I left with resumed faith in my compass, and knowing we made the right decision not buying San Geronimo. Decisions about traveling, joining, meeting, and moving, drop me in the path of mental collision. Instead of applying academic analysis, calculations, or tried and true pragmatic reasoning, I try to beat the odds, because I am a gambler.
John and I headed up to Taos while Rudy took refuge in a friend’s casita. I suppose most vacation renal owners have alternate accommodations; but this is a work-in-progress, like a play that doesn’t have an ending yet. For the next six days, I wandered from the Geronimo pool, to the terrace, to Taos on foot, and during those hours, we rewrote the script in the privacy of our steadily silent working room, or on the second story terrace, overlooking the fields and the Jemez Mountains.
When Rudy called and said Mike, our renter, invited us to the reception party at the house, I called Mike to decline. He turned me down.
“Loulou, you have to come, everyone wants to meet you,” he said. Everyone is a lot of people; 75 guests inside the house when I am not the host stirred up my imagination.
When we arrived, the reception party was sprouting on the front porch, in the driveway around bistro tables, on the back porch at a buffet table, and in the garden movie theater.
Suddenly, this face comes at me, up close: “Loulou, I’m Mike. Come-in. What are you drinking? We love it! Come meet everyone.” Mike has a light bulb personality, 120 volts of unplugged warmth and sincerity. I followed him into the living room, and was immersed with questions and praise, at rapid fire. Within the hour, I wilted and tugged on John and Rudy to cross the street for dinner. “Why’d you leave?” Rudy asked. He was eyeing a pretty blonde in the driveway.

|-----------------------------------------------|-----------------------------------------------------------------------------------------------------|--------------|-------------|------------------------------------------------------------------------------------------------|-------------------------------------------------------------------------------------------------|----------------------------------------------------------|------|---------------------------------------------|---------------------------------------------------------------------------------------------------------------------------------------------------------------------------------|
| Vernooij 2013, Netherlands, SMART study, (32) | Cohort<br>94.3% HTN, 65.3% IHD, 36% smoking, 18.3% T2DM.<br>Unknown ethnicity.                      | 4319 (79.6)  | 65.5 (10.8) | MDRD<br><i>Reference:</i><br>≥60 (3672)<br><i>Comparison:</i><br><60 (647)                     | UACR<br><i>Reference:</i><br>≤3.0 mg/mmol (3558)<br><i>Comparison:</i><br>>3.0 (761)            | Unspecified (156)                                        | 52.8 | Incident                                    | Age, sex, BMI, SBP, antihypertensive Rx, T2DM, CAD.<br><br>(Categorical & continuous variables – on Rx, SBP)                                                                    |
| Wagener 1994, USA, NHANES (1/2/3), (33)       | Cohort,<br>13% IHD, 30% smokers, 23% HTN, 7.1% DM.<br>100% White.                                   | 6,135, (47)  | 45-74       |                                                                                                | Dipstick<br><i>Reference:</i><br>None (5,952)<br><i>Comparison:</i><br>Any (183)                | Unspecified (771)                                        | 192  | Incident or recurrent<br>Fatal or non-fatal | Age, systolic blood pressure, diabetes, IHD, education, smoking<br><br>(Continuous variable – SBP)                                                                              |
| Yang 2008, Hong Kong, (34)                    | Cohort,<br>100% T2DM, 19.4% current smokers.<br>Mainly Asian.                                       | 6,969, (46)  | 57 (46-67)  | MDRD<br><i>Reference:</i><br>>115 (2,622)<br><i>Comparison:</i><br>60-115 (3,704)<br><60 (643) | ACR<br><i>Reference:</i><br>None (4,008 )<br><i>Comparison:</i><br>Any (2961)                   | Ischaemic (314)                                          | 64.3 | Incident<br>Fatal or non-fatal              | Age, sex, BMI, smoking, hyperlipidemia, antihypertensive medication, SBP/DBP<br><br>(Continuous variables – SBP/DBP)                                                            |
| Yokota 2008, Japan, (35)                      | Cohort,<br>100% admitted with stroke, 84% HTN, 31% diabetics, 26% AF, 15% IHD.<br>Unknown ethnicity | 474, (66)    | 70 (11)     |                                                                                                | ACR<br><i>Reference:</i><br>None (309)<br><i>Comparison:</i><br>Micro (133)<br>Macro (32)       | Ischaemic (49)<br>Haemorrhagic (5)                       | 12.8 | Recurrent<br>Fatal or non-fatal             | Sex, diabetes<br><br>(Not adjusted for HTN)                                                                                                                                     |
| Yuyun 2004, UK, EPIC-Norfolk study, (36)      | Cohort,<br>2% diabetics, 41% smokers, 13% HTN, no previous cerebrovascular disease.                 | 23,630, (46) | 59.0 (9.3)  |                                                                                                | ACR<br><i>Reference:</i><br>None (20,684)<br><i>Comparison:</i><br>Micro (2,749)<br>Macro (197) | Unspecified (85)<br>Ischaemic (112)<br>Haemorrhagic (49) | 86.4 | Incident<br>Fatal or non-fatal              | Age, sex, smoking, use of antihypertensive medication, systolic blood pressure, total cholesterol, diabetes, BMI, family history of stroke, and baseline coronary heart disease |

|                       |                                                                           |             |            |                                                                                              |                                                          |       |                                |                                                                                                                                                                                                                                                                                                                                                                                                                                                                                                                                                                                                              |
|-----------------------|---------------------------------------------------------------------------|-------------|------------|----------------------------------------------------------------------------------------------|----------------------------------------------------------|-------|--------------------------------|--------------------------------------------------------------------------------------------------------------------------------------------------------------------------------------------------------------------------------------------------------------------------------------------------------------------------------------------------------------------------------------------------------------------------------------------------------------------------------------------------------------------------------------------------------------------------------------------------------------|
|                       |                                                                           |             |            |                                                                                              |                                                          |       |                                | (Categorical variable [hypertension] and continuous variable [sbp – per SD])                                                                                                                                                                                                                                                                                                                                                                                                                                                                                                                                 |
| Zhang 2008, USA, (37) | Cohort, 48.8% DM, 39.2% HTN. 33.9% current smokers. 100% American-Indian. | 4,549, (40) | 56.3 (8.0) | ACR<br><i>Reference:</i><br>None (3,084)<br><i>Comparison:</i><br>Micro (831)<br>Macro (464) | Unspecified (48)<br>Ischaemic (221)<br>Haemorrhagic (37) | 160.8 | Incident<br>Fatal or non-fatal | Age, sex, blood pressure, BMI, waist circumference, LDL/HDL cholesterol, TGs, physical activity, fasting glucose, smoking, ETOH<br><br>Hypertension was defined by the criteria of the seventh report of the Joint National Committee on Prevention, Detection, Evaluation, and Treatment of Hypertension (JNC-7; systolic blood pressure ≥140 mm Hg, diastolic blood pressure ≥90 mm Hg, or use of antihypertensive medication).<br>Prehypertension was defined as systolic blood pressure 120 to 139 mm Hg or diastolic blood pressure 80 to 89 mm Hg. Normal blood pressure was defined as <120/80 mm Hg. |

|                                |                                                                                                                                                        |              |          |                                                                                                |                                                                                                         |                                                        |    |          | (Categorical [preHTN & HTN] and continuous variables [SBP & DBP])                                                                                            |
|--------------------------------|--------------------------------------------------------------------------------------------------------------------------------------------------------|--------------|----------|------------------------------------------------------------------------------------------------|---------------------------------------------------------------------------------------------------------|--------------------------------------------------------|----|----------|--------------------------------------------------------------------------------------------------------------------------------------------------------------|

“I don’t feel it’s right; presiding in our house while it’s their house,” I said. “I’m afraid I’ll start cleaning.”
I returned to the party when a vintage Galaxy pulled into our driveway, and I was abandoned because John led Rudy over to see the automobile.
By now, the party was surging, and as I recommenced my socializing the trepidation vanished. In every direction were handshakes and hugs, conversations zigzagging from Mike’s family to Erin’s, the bride and groom, and their friends, who came from Los Angeles. But these were not just friends; they were neighbors.
“Neighbors in Los Angeles?” I jested.
“Oh yeah, we live in the Hollywood Hills. We have parties every weekend. Are you THE Loulou?” he asked. I nodded. “I am THE Carlos, and you must visit us in Hollywood.”
“What do you do Carlos?” I asked.
“Everything! I sing, act, cook, and make trouble!” In every party there should be a Carlos. The evening crescendo curled into a wave of anticipation when Carlos took center stage and sang arias from Turnadot and La Boehme. His bravura tenor voice raised the guests from every cavity of the house. Strangers out strolling stopped to listen and guests from La Posada spilled out in the streets. The house was transformed, and in some ways it harked back to former visions of the artist salons I imagined were once held at Follies House.
There were times over the last two years when Rudy and I discussed selling Gallery LouLou, leasing it long term, and even renting rooms; options that occupied sleepless nights, and never materialized. Now we know it is a vacation home, a party house, a reception salon — all the things that I imagined came together here, even Rudy and John.